December 10, 2013
Nelson Mandela's memorial service was a rainy one, but South Africans considered that a blessing.
The four-hour memorial service in Johannesburg featured more than 70 current or former world leaders, more than at any such service since the death of Pope John Paul II, in 2005. The memorial took place in Soweto's FNB Stadium, known as Soccer City, site of the 2010 Soccer World Cup and Mandela's first post-prison speech and of his final public appearance. The 95,000-capacity stadium featured some empty seats, possibly because of the wet weather. Still, thousands waited in long lines in the pouring rain to pay tribute to the man who more than any other symbolized South Africa's struggle-turned-togetherness during the past several decades.
Many in the country had two days earlier, soon after the announcement of Mandela's death, gathered on a national day of prayer and reflection. Authorities announced that Mandela's body would like in state in Pretoria for three days before a planned burial at his family graveyard, in Qunu, where he grew up and spent much of his post-presidential career.
In Qunu and elsewhere across the street, people sang, of Mandela and his inspiration, of his place in history. People sang the national anthem again and again. Celebrations in the street were sober; reflections in nearby houses were somber.
Archbishop Emeritus Desmond Tutu had earlier led an emotional service at St. George's Cathedral in Cape Town.
South African tradition holds that rain is a blessing, a sign of being welcomed into the next life, according to African National Congress Deputy President Cyril Ramaphosa, who was host for the Soweto ceremony. Huge posters holding pictures of Mandela dominated the scene. People danced and sang and blew their vuvuzelas, the plastic horns that gained worldwide prominence during the 2010 World Cup. People in the crowd spoke fondly of their memories of the man they called "Mandiba" and "Tata" (father in the language of Mandela's Xhoas tribe). In attendance were Mandela's last two wives, Winnie Mandela and Graca Machel. They embraced as they arrived.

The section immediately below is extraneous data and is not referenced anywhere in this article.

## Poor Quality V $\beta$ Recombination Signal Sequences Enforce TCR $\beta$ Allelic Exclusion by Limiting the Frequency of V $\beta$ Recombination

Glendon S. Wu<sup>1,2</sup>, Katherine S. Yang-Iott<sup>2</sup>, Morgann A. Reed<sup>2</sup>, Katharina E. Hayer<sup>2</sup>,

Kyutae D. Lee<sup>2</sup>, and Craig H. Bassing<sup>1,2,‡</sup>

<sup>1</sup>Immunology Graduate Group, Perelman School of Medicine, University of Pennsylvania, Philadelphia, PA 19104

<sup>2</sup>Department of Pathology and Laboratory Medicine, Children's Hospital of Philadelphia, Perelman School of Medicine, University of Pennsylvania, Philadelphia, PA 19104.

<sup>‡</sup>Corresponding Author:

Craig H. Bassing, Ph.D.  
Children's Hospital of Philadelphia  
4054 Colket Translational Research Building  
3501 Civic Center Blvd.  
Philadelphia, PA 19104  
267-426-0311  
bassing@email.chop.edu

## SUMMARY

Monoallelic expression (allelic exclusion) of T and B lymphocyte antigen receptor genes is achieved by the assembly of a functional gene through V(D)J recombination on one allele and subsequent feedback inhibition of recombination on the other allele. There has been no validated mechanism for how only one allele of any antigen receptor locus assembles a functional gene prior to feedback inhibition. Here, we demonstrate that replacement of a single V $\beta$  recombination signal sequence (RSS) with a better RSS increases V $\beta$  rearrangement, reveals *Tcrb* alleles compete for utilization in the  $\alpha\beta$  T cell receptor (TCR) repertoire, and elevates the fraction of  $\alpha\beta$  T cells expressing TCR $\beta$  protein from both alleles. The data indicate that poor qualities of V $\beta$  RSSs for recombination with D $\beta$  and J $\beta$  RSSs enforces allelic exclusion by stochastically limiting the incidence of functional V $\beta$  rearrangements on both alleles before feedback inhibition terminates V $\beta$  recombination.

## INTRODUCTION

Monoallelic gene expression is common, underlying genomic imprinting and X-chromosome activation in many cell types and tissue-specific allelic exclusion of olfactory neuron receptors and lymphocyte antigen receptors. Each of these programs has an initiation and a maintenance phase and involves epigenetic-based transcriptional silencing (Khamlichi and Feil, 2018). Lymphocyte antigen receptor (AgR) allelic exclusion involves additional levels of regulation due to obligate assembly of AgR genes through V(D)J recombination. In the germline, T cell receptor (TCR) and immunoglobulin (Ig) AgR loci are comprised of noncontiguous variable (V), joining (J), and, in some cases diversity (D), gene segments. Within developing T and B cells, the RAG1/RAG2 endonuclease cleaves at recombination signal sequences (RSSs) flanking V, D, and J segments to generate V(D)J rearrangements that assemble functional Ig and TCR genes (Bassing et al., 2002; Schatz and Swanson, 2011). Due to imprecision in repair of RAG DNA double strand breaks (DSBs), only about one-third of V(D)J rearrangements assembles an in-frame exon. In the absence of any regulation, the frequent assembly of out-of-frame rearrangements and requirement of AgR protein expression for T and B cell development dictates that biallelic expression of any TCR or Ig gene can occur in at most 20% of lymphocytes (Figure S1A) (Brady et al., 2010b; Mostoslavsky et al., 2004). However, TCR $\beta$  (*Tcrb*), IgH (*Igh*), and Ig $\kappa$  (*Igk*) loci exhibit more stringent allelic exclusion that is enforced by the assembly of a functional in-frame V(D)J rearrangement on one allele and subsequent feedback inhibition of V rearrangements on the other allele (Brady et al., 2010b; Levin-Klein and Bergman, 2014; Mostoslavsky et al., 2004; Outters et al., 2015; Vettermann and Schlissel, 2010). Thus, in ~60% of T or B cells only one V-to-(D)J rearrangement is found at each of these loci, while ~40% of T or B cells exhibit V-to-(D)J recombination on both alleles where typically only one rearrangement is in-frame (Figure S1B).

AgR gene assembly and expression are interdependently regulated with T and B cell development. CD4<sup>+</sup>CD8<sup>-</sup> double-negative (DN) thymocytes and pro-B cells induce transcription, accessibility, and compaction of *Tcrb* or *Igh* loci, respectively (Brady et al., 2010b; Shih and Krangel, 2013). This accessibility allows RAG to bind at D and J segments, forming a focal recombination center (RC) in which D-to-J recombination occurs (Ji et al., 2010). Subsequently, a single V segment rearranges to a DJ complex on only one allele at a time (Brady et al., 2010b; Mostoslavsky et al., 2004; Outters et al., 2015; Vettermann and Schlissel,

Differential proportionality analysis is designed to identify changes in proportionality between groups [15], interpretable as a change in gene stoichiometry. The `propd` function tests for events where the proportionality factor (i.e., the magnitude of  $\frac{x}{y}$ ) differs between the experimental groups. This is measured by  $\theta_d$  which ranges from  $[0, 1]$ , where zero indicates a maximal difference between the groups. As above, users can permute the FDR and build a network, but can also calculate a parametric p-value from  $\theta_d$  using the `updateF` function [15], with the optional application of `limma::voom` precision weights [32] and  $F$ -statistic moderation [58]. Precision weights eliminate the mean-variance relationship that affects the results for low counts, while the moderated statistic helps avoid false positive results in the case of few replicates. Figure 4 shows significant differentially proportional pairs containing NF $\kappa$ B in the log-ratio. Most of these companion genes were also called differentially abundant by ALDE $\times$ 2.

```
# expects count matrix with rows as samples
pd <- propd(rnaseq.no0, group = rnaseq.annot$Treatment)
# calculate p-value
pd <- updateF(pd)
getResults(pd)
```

The service, which coincided with U.N. Human Rights Day, began with a marching band's performance of the national anthem.
Several of the world's most familiar faces had sendoffs for Mandela.
Other foreign dignitaries included French President Francois Hollande, Liberian President Ellen Johnson Sirleaf, British Prime Minister David Cameron, Prince Charles, former U.S. Presidents Jimmy Carter and George W. Bush, and former U.N. Secretary-General Kofi Annan.
Other famous faces in attendance included U2 lead singer Bono, supermodel Naomi Campbell, and actress Charlize Theron.
Security was tight, with an elite military task force on patrol and helicopters and military jets making flyovers. Private vehicles were banned from the area around the stadium. People waited hours, singing and dancing in the rain, for a bus ride to the stadium.